"Court of Federal Claims"

The Pros and Cons of Agency-Level Protests

In my previous post, I wrote about the basics of an agency-level protest. In this post, I will explore some of the main advantages and disadvantages of filing an agency-level protest.

So, what are the benefits of filing an agency-level protest? First, they do tend to be quicker and less expensive than GAO or COFC protests, and they allow protestors a second opportunity to pursue their protest at GAO or COFC. In other words, an agency-level protest may let a protestor test the waters before all-out committing to the cost associated with a GAO or COFC protest.Continue Reading A Primer on Agency-Level Protests of Federal Procurements – Part II

The Nuts and Bolts

As most federal contractors are aware, unlike commercial contracts, federal contractors may challenge solicitation defects or contract award decisions made by the government through the bid protest process. Although protests at GAO and the Court of Federal Claims receive most of the attention due to the fact that their decisions are ultimately made public (at least in part), another forum also exists for disappointed offerors: protests made directly to the agency. This post is part one of a two-part series. This post will provide the basic nuts and bolts of the agency-level protest, and part two will provide the pros and cons of this specific approach.Continue Reading A Primer on Agency-Level Protests of Federal Procurements – Part I

The Contract Disputes Act imposes a six-year statute of limitations on all claims, whether they are asserted by the contractor or by the Government. See 41 U.S.C. § 7103(a)(4)(A). The limitations period begins to run upon accrual of a claim, which is “the date when all events . . . that fix the alleged liability of either the Government or the contractor and permit assertion of the claim . . . were known or should have been known.” FAR 33.201. Because six years must pass before the claim expires, the precise date of accrual is often little more than an academic question. Indeed, there have been relatively few cases applying the CDA limitations period to Government claims. But accrual has recently become a real and sometimes insurmountable obstacle to Government claims. Here is a short summary of the basic concepts that have emerged from the decisions that have addressed the issue.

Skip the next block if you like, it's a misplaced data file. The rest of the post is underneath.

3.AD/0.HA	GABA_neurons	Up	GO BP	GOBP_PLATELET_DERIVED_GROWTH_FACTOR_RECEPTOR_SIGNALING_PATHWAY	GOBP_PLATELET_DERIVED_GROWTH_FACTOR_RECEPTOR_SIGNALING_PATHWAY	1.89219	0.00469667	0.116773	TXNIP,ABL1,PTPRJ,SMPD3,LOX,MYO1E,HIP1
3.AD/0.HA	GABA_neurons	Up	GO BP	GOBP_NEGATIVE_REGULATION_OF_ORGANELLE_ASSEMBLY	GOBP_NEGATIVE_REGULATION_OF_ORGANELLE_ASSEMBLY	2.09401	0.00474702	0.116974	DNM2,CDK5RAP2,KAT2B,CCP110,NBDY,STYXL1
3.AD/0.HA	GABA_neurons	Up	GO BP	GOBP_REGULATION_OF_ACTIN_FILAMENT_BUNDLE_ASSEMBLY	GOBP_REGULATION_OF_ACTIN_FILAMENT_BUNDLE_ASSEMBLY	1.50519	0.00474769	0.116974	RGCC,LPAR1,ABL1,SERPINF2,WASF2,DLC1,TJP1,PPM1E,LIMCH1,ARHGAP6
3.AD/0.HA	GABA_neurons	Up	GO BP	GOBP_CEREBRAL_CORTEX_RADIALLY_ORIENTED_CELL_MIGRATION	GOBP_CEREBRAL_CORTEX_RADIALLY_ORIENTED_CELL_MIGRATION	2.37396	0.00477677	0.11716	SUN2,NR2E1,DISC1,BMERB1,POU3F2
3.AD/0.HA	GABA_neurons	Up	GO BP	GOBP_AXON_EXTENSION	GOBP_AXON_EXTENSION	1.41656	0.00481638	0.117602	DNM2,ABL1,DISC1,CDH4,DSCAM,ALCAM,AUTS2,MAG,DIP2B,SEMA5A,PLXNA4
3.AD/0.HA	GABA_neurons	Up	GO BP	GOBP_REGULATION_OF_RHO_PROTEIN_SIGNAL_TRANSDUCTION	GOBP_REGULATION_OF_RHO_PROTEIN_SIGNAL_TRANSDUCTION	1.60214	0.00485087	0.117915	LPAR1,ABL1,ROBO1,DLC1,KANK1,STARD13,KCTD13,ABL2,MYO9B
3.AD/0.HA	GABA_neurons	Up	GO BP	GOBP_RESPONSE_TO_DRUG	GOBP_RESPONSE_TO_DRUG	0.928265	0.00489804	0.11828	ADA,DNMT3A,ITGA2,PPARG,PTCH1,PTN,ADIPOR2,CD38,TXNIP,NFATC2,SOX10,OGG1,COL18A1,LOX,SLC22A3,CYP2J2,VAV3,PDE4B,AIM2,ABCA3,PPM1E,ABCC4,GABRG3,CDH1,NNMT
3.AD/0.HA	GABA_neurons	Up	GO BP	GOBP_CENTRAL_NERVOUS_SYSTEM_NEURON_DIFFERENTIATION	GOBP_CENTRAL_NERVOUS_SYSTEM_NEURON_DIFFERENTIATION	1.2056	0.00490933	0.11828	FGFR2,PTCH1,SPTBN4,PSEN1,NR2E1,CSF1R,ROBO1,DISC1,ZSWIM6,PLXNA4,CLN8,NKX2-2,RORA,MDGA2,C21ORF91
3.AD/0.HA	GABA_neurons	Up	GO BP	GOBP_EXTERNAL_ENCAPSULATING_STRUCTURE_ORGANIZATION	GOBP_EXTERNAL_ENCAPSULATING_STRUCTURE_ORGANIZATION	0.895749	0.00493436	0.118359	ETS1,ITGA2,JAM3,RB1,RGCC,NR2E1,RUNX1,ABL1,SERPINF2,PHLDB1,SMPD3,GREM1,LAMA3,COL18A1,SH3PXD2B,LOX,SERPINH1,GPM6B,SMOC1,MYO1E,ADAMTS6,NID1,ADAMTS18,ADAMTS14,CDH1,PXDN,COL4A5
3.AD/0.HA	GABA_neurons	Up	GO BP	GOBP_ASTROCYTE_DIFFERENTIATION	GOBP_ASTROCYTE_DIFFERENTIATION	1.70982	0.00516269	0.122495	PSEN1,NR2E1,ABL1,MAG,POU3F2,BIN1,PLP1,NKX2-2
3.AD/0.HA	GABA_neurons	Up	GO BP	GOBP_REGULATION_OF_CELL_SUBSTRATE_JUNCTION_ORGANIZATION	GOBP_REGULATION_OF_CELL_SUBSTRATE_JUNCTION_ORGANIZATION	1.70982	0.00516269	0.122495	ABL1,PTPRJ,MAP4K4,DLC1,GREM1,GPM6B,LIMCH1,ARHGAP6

1.         The government has the burden of proving timeliness. 

The CDA limitations period is “jurisdictional.” When the government asserts a claim against a contractor, the government has the burden of proving jurisdiction. To do so, the government must establish that the claim was timely asserted. If the government cannot show that the claim was asserted within six years of accrual, the Board or the Court lacks jurisdiction to hear the claim. Raytheon Missile Systems, ASBCA No. 58011 (Jan. 28, 2013) [pdf].Continue Reading “Accrual” of government claims under the Contract Disputes Act

The Court of Federal Claims has issued an important decision establishing that offerors will be held accountable for making inaccurate representations in proposals. According to the Court’s decision in GTA Containers, Inc. v. United States, No. 11-606C (Fed. Cl. Feb. 22, 2012) [pdf], proof that an offeror made a misrepresentation in its proposal is sufficient to sustain a bait-and-switch protest if the agency relied on the misrepresentation.
Continue Reading Clarifying the standard of proof for bait-and-switch protests at the Court of Federal Claims